Efficient Self-Assembly of Heterometallic Triangular Necklace with Strong Antibacterial Activity

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The paper in Nature Communications is here: https://doi.org/10.1038/s41467-020-16940-z

Mechanically interlocked molecules (MIMs) such as catenanes, rotaxanes and molecular knots have attracted great interest in the field of supramolecular chemistry due to their innately topologically nontrivial architectures, thus always challenging the imagination and skills of synthetic chemists. Molecular necklaces, as important members of the MIM family, are derived from catenanes, in which three or more side rings as molecular “beads” are threaded onto a central ring as molecular “chains”. It's worth noting that, though a major breakthrough in MIMs regarding to their impressive structures as well as well-developed synthetic strategy has been achieved, the focus of the chemistry of MIMs, especially for molecular necklaces, has still stayed on molecular design and synthesis stage. Studies involving their applications are hardly seen at present in this area.

Our group in East China Normal University is specialized in supramolecular self-assembly at different scale based on platinum chemistry, mainly including platinum(II)‐pyridine coordination-driven self-assembly and platinum acetylide rotaxane dendrimers. Coordination-driven self-assembly has proven to be a powerful approach to construct a diverse range of supramolecular architectures including metallacycles, metallacages, and metal-organic frameworks (MOFs), through the combination of a range of diverse functional ligands and complementary metal salts. The intrinsic nature of coordination-driven self-assemblies, including their high dynamic metal–ligand coordination bonds, diverse metal ions, positively charged molecular nature, together with their highly tunable coordination geometries, endows them with great merits in biomedical applications. Under this premise, in this paper, an unprecedented heterometallic triangular necklace 1 containing Cu and Pt metals has been designed and synthesized via highly efficient coordination-driven self-assembly between pseudorotaxane D1 consisting of two functional ligands of pyridine and phenanthroline and diplatinum(II) acceptor unit A1 in nearly quantitative yield (Figure 1). The elegant structure of necklace 1 is successfully determined by X-ray crystallographic analysis, revealing that the finely arranged triangular necklace 1 has two racemic enantiomers in its solid state with intriguing packing motif.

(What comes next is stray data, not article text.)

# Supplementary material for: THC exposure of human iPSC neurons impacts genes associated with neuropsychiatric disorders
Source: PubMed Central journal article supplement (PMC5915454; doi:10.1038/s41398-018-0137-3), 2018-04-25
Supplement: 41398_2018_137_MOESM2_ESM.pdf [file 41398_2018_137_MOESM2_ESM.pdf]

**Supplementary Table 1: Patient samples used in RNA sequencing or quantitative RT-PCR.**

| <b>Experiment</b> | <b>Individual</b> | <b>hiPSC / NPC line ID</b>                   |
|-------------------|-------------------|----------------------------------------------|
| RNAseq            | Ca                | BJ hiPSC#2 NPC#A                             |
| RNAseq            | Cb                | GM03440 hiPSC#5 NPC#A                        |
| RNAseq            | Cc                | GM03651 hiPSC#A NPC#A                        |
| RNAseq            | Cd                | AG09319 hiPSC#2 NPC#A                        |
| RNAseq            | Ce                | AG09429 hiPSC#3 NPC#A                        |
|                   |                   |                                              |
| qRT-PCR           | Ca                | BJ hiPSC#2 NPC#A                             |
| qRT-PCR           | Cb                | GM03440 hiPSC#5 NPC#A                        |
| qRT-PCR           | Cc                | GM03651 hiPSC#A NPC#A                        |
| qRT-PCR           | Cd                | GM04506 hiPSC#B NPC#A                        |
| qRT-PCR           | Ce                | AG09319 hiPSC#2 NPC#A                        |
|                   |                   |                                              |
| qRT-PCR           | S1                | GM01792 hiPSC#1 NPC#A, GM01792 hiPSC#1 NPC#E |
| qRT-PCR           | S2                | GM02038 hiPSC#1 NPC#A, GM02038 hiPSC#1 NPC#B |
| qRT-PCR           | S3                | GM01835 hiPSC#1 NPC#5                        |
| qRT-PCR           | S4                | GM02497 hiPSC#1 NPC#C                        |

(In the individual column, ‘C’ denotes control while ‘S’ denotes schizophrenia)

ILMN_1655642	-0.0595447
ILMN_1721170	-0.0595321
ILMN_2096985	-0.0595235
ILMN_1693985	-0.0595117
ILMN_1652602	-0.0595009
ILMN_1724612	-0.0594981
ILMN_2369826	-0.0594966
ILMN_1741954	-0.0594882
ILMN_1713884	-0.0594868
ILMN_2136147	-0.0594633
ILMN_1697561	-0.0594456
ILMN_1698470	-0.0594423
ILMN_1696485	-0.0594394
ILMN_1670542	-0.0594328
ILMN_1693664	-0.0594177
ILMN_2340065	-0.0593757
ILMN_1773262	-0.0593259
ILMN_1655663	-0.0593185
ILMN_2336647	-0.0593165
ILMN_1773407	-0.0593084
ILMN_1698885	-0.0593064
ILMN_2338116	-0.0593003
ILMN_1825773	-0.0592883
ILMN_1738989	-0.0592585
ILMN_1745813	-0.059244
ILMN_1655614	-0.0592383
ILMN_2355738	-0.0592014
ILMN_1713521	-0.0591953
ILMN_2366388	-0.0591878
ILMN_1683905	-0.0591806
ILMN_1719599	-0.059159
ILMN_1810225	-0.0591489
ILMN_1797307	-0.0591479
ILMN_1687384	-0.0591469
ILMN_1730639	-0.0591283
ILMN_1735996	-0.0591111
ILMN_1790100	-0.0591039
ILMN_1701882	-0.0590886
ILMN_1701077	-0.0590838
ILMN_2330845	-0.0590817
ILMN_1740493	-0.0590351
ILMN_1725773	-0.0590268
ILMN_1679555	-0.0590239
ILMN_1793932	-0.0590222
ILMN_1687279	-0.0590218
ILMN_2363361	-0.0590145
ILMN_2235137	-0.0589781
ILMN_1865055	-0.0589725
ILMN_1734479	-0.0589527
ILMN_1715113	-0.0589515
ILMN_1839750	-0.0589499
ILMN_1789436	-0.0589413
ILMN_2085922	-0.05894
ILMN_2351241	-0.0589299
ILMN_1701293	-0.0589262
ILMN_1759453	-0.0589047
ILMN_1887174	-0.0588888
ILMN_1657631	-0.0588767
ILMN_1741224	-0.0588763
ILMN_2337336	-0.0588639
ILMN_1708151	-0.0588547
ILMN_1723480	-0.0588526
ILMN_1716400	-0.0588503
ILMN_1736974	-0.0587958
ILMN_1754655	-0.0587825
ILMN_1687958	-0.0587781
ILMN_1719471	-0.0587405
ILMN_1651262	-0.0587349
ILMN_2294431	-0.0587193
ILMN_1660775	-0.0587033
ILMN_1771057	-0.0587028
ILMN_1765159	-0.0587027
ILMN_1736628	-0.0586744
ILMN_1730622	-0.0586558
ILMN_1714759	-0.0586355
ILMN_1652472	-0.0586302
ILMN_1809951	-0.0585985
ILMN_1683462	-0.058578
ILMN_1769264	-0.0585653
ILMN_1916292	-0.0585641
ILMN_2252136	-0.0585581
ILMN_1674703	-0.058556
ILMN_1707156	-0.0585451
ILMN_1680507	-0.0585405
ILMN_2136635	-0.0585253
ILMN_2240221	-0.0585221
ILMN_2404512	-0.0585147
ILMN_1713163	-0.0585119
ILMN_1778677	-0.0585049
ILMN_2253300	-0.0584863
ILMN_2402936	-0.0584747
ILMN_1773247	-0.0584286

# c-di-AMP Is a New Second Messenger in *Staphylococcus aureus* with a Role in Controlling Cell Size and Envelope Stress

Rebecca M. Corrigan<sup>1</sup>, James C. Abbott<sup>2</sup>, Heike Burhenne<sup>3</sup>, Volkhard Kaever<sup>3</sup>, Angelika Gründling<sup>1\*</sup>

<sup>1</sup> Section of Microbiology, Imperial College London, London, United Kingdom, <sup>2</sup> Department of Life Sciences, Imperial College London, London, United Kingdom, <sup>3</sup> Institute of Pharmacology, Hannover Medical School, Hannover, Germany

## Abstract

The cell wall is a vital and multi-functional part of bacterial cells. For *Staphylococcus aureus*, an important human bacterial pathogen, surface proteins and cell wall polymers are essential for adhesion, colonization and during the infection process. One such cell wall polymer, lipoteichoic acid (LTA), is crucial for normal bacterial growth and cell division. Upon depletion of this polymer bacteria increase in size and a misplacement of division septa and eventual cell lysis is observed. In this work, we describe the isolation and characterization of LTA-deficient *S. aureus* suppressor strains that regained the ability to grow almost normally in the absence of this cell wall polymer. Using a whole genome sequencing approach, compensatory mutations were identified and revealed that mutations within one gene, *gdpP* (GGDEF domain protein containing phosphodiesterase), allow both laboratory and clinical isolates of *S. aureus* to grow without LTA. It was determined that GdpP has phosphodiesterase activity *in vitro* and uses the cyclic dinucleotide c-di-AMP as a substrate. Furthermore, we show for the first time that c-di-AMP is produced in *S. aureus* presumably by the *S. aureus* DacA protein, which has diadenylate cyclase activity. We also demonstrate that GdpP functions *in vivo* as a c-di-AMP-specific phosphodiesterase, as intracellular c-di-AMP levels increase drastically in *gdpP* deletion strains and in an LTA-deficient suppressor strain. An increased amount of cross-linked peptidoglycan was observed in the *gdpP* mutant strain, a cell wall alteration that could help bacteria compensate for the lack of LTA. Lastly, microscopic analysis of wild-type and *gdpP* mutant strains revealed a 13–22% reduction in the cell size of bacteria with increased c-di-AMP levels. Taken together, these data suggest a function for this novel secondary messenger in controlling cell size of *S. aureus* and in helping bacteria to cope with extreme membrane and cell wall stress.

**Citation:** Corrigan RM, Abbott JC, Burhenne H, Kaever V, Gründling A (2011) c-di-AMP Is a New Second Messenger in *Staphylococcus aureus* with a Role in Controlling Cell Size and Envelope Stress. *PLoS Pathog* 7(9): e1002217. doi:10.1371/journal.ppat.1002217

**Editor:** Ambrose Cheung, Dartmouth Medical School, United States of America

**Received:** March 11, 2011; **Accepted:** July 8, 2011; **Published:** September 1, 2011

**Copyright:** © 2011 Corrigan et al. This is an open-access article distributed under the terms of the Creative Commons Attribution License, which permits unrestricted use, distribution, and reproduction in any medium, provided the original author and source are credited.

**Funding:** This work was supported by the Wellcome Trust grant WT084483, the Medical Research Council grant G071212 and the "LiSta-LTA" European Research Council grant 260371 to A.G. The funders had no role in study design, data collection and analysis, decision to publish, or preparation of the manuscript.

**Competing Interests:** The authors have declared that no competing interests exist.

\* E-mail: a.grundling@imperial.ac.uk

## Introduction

Figure 1 Coordination-driven self-assembly of necklace 1

In collaboration with Prof. Qilin Yu from Nankai University, we have successfully demonstrated that the existence of two different metal centers not only facilitates the successful construction of necklace 1 but also endows it with superior nuclease properties and activities. More strikingly, the presence of the Cu(I) center and platinum(II), together with the coordination-based triangular framework, facilitates binding of necklace 1 to the cell surface components and disruption of the cell wall/plasma membrane in the bacterial cells (Figure 2). Consequently, the necklace 1 exhibited excellent bactericidal activity against both standard and clinical drug-resistant pathogens that are severely threatening human health, e.g., multidrug-resistant Pseudomonas aeruginosa, Escherichia coli, and Staphylococcus aureus. Further investigations revealed that the superior antibacterial activity of necklace 1 is mainly attributed to the highly positively charged nature, the possible synergistic effect of heterometals in the necklace, and the improved stability in culture media. The “threading-followed-by-ring-closing” approach combining with coordination-driven self-assembly would allow us to further construct more complicated molecular necklaces in the future. Moreover, the promising DNA cleavage and antibacterial activities obtained herein would also attract broad interests of chemists, material scientists, and biomedical scientists, and provide directions for future chemical design in the field of supramolecular chemistry.

Figure 2 Cartoon representation of antibacterial action of necklace 1

Xueliang Shi

Associate professor, East China Normal University

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